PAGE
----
Most images are stored with a gamma of 0.45 applied to them, which will have the effect demonstrated in the above left image. The darker regions of the image are now recorded using a greater range of values while bright ranges are compressed. Images stored like this are in “gamma space”. For example, a neutral grey in an image doesn’t have a numerical intensity of 0.5, rather it is around 0.73, while pure whites and blacks remain the same. This is the default behavior of nearly every digital camera, as well as image editing applications and so on. In fact, nearly every image you see on your computer has that gamma applied to it.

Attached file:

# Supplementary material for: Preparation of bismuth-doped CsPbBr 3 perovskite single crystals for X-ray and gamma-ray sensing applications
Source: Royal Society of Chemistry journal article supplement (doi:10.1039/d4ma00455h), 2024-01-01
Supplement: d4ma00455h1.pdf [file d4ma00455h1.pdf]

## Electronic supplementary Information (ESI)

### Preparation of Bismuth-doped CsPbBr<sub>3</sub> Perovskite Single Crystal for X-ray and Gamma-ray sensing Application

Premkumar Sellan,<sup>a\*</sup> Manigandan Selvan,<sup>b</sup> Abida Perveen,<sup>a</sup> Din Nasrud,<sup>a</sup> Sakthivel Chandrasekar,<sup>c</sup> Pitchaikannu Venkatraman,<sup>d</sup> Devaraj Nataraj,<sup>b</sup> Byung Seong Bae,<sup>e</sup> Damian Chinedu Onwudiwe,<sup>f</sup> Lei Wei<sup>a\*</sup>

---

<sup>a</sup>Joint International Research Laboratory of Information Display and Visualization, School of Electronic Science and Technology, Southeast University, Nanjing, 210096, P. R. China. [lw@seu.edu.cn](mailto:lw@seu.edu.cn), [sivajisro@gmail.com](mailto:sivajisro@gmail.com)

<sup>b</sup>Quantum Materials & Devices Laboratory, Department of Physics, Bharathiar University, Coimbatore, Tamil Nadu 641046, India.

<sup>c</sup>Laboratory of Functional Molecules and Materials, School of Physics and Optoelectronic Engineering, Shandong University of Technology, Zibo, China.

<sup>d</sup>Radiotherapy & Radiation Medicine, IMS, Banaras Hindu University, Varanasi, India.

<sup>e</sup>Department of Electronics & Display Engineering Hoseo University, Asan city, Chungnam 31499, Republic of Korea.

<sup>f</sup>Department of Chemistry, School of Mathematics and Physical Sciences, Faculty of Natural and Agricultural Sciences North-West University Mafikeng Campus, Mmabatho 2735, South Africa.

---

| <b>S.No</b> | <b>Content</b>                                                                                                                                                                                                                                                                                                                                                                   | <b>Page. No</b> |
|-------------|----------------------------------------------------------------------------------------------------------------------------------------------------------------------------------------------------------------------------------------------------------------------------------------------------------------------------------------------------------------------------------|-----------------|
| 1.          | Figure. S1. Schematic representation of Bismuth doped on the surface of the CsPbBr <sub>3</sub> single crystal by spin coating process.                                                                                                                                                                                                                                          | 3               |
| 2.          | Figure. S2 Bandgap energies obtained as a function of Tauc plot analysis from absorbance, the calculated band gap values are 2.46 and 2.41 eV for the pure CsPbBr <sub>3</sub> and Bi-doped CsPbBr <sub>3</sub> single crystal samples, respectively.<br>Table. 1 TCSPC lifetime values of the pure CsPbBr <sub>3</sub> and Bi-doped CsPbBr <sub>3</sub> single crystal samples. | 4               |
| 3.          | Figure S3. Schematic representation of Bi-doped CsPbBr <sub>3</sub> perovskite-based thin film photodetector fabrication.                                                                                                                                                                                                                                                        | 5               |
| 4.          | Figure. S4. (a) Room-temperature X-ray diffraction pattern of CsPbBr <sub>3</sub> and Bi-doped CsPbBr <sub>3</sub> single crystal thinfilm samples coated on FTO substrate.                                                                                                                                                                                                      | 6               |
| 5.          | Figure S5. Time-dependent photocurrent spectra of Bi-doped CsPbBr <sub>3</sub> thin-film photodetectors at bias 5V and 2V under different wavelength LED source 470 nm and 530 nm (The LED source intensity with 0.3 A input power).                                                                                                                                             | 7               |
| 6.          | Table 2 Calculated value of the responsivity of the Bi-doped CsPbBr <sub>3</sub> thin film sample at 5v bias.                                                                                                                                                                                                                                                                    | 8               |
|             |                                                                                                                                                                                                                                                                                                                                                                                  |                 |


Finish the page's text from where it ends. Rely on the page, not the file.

You may be wondering why images display correctly, and don’t look too bright. This is where the non-linear response of displays comes in. CRT screens, simply by how they work, apply a gamma of around 2.2, and modern LCD screens are designed to mimic that behavior. A gamma of 2.2, the reciprocal of 0.45, when applied to the brightened images will darken them, leaving the original image.
For example, the above left image represents what is stored on your computer, and when that is displayed, the result looks like the center image. The left image has been “gamma corrected”, which means it has a gamma value such that it will be displayed correctly after the screen’s gamma is applied to the image. If instead the computer is storing the center image, which has not been gamma corrected, the displayed result looks like the right image, clearly unwanted behavior.
Color Spaces and the Rendering Pipeline